compared to 7% of patients receiving control treatment. Most injection site reactions were
described as mild and generally did not necessitate drug discontinuation.
The proportion of rheumatoid arthritis patients who discontinued treatment due to adverse events
during the double-blind, placebo-controlled portion of rheumatoid arthritis Studies DE009,
DE011, DE019 and DE031 was 7.0% for patients taking HUMIRA®, and 4.0% for placebotreated patients. The most common adverse events leading to discontinuation of HUMIRA® were
clinical flare reaction (0.7%), rash (0.3%) and pneumonia (0.3%).
Among patients with rheumatoid arthritis in placebo-controlled studies, deaths occurred in 8 of
1,380 (0.58%) HUMIRA®-treated patients compared to 1 of 690 (0.14%) placebo-treated
patients. The rate of deaths in both treatment arms is less than expected in the normal population
with a standard mortality ratio (SMR) of 0.87 (95% CI, 0.38, 1.72) in the HUMIRA® group and
0.25 (95% CI, 0.00, 1.37) in the placebo group.
In Study DE019, 553 patients were exposed to at least one dose of HUMIRA® and 202 patients
completed 10 years of study. A total of 24 patients died during the 10-year exposure period to
HUMIRA® (4 during the double-blind phase, 14 during the open-label extension phase and an
additional 6 after study drug termination). Among the treatment-emergent deaths, the most
common reasons were: 4 sepsis, 3 cancers and 3 respiratory system events. However, the total
number of deaths was not higher than that calculated according to age-adjusted Standardized
Mortality Rates.
Of the 553 patients, 23.0% discontinued due to an adverse event. The most common adverse
events associated with discontinuation of study drug were pneumonia and breast cancer (n = 5
each). Fatigue, pneumonia, cellulitis, and histoplasmosis (n = 3 each) were the most common
treatment-related adverse events leading to discontinuation of study drug.
In total, 49% of patients treated with HUMIRA® experienced a serious adverse event; 15.7%
were considered at least possibly related to study drug. The most common serious adverse events
were rheumatoid arthritis disease flare (n = 35, 6.3%), pneumonia (n = 26, 4.7%) and myocardial
infarction (n = 10, 1.8%); of these, only pneumonia was considered to be at least possibly related
to study drug.
The most frequently reported treatment-emergent adverse events were infections (total n = 448,
81%; serious n = 85, 15.4%) and injection site reactions (n = 115, 20.8%).
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Adverse events of special interest among the 553 patients included 35 patients with malignancies
other than non-melanoma skin cancer (including 5 cases of lymphoma); and 3 patients with
tuberculosis. Serious adverse events of special interest included 5 patients each with pulmonary
embolism and diverticulitis; 2 patients with multiple sclerosis; and 1 patient with hypersensitivity
reaction.
HUMIRA® has also been studied in 542 patients with early rheumatoid arthritis (disease duration
less than three years) who were methotrexate naïve (Study DE013). No new safety signals were
seen in this patient population compared to the safety profile seen in HUMIRA® Studies DE009,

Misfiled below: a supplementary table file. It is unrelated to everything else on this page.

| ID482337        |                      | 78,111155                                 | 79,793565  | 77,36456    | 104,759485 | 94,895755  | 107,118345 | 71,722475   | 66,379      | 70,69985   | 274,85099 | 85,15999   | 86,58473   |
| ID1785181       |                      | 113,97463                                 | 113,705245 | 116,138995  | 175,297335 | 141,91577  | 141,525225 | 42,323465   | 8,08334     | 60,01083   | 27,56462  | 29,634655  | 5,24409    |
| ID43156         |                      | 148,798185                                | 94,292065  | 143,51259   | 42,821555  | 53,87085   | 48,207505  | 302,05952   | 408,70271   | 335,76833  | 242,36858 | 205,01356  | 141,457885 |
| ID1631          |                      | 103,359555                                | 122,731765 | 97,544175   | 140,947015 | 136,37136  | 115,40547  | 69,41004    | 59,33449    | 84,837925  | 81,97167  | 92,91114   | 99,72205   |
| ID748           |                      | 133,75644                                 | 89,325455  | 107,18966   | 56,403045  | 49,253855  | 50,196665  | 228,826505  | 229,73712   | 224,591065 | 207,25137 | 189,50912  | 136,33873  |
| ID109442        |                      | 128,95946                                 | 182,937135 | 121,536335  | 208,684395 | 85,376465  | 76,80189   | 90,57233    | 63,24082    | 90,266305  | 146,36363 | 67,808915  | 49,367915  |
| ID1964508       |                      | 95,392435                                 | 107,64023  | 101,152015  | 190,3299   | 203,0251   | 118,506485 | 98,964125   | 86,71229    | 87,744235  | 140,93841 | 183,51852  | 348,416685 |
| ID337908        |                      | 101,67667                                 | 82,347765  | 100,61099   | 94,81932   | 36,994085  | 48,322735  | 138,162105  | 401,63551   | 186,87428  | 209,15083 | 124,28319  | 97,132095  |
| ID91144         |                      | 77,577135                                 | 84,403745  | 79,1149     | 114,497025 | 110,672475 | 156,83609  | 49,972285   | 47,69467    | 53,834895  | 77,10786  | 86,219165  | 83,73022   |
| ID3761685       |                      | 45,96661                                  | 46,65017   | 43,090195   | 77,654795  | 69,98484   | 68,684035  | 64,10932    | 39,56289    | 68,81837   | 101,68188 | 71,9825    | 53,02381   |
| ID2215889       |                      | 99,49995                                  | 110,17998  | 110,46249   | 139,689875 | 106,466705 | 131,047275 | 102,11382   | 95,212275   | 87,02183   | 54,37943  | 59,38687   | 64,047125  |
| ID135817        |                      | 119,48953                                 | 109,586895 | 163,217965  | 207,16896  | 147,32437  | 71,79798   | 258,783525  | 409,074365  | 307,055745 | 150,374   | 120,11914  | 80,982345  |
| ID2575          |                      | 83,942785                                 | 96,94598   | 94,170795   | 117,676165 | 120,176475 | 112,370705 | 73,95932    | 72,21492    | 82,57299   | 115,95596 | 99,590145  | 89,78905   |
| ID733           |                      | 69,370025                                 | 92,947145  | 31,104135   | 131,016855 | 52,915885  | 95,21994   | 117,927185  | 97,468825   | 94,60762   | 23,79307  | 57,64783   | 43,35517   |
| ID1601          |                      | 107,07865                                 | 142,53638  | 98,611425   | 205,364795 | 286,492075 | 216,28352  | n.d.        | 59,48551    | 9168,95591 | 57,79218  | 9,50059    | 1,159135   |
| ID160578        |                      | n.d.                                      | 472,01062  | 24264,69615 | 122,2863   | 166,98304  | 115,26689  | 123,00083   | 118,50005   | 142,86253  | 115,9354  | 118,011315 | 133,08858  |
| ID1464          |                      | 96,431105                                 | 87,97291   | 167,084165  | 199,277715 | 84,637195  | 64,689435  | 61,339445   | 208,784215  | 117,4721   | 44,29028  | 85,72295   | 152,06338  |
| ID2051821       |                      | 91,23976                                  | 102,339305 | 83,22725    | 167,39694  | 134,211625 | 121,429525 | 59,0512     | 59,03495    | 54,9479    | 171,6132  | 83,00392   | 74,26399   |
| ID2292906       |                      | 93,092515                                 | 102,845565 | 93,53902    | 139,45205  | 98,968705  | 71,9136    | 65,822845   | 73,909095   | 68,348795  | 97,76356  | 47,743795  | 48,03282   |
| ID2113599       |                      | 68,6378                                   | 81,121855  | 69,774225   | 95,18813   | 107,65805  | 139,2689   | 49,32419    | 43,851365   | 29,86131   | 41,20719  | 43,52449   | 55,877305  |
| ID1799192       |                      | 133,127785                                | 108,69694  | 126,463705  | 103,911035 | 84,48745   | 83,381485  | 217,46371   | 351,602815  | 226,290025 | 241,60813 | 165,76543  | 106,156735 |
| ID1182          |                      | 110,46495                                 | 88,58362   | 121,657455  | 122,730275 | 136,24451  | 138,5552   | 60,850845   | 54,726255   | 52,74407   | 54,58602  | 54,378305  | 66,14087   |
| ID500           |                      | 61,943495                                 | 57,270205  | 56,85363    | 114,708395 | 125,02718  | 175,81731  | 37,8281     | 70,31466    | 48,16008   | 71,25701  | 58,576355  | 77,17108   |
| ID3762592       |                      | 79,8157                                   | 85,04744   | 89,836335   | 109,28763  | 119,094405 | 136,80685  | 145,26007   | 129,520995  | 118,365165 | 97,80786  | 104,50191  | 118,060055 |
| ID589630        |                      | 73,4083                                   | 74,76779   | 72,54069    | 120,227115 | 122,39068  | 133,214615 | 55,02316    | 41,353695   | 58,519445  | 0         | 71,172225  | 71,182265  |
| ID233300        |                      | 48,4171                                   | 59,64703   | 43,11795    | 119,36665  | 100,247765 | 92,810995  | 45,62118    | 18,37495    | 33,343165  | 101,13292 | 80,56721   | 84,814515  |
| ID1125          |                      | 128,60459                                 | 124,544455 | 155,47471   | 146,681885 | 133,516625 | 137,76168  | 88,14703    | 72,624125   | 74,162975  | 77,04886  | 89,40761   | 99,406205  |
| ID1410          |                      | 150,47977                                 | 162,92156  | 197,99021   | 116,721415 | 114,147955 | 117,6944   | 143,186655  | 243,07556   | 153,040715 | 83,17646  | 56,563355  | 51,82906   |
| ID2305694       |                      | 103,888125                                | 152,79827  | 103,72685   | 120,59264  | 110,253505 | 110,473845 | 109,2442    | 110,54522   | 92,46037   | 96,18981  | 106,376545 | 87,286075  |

DE011, DE019 and DE031. In this study, deaths occurred in 5 of 542 (0.92%) HUMIRA®treated patients compared to 1 of 257 (0.39%) methotrexate-treated patients. The rate of deaths in
both treatment arms is less than expected in the normal population with a standard mortality ratio
(SMR) of 0.57 (95% CI, 0.18, 1.32) in the HUMIRA® group and 0.22 (95% CI, 0.00, 1.23) in the
methotrexate group.
HUMIRA® has also been studied in 395 patients with psoriatic arthritis in two placebocontrolled studies and in an open-label extension study, in 393 patients with ankylosing
spondylitis in two placebo-controlled studies and in over 1,500 patients with Crohn’s disease in
five placebo-controlled and two open-label extension studies. The safety profile for patients with
psoriatic arthritis treated with HUMIRA® 40 mg every other week was similar to the safety
profile seen in patients with rheumatoid arthritis, HUMIRA® Studies DE009, DE011, DE019,
DE031 and DE013. During the controlled period of the psoriatic arthritis studies, no deaths
occurred in the HUMIRA®-treated or placebo-treated patients. During the psoriatic arthritis
open-label study, two deaths occurred in 382 patients with 795.7 patient-years of exposure. The
rate of deaths is less than expected in the normal population with a standard mortality ratio
(SMR) of 0.39 (95% CI, 0.04, 1.43). Among patients enrolled in the psoriasis open-label study,
5 deaths occurred in 1,468 patients with 4,068.6 patient-years of exposure.
HUMIRA® has also been studied in 1,010 patients with ulcerative colitis (UC) in two
randomized, double-blind, placebo-controlled studies (M06-826, 8 weeks and M06-827,
52 weeks) and an open-label extension study. No new safety signals were seen in the ulcerative
colitis patient population. During the controlled period of the ulcerative colitis studies, no deaths
occurred in the HUMIRA®-treated or placebo-treated patients. In the overall HUMIRA®
ulcerative colitis development program of 1,010 patients with 2007.4 patient years of exposure
(622 patients were treated for >1 year), 2 treatment-emergent deaths occurred during the longterm open-label extension study (cardio-respiratory arrest and right ventricular failure). There
were no new safety signals compared to the known safety profile of HUMIRA® in the doubleblind controlled portion of ulcerative colitis studies.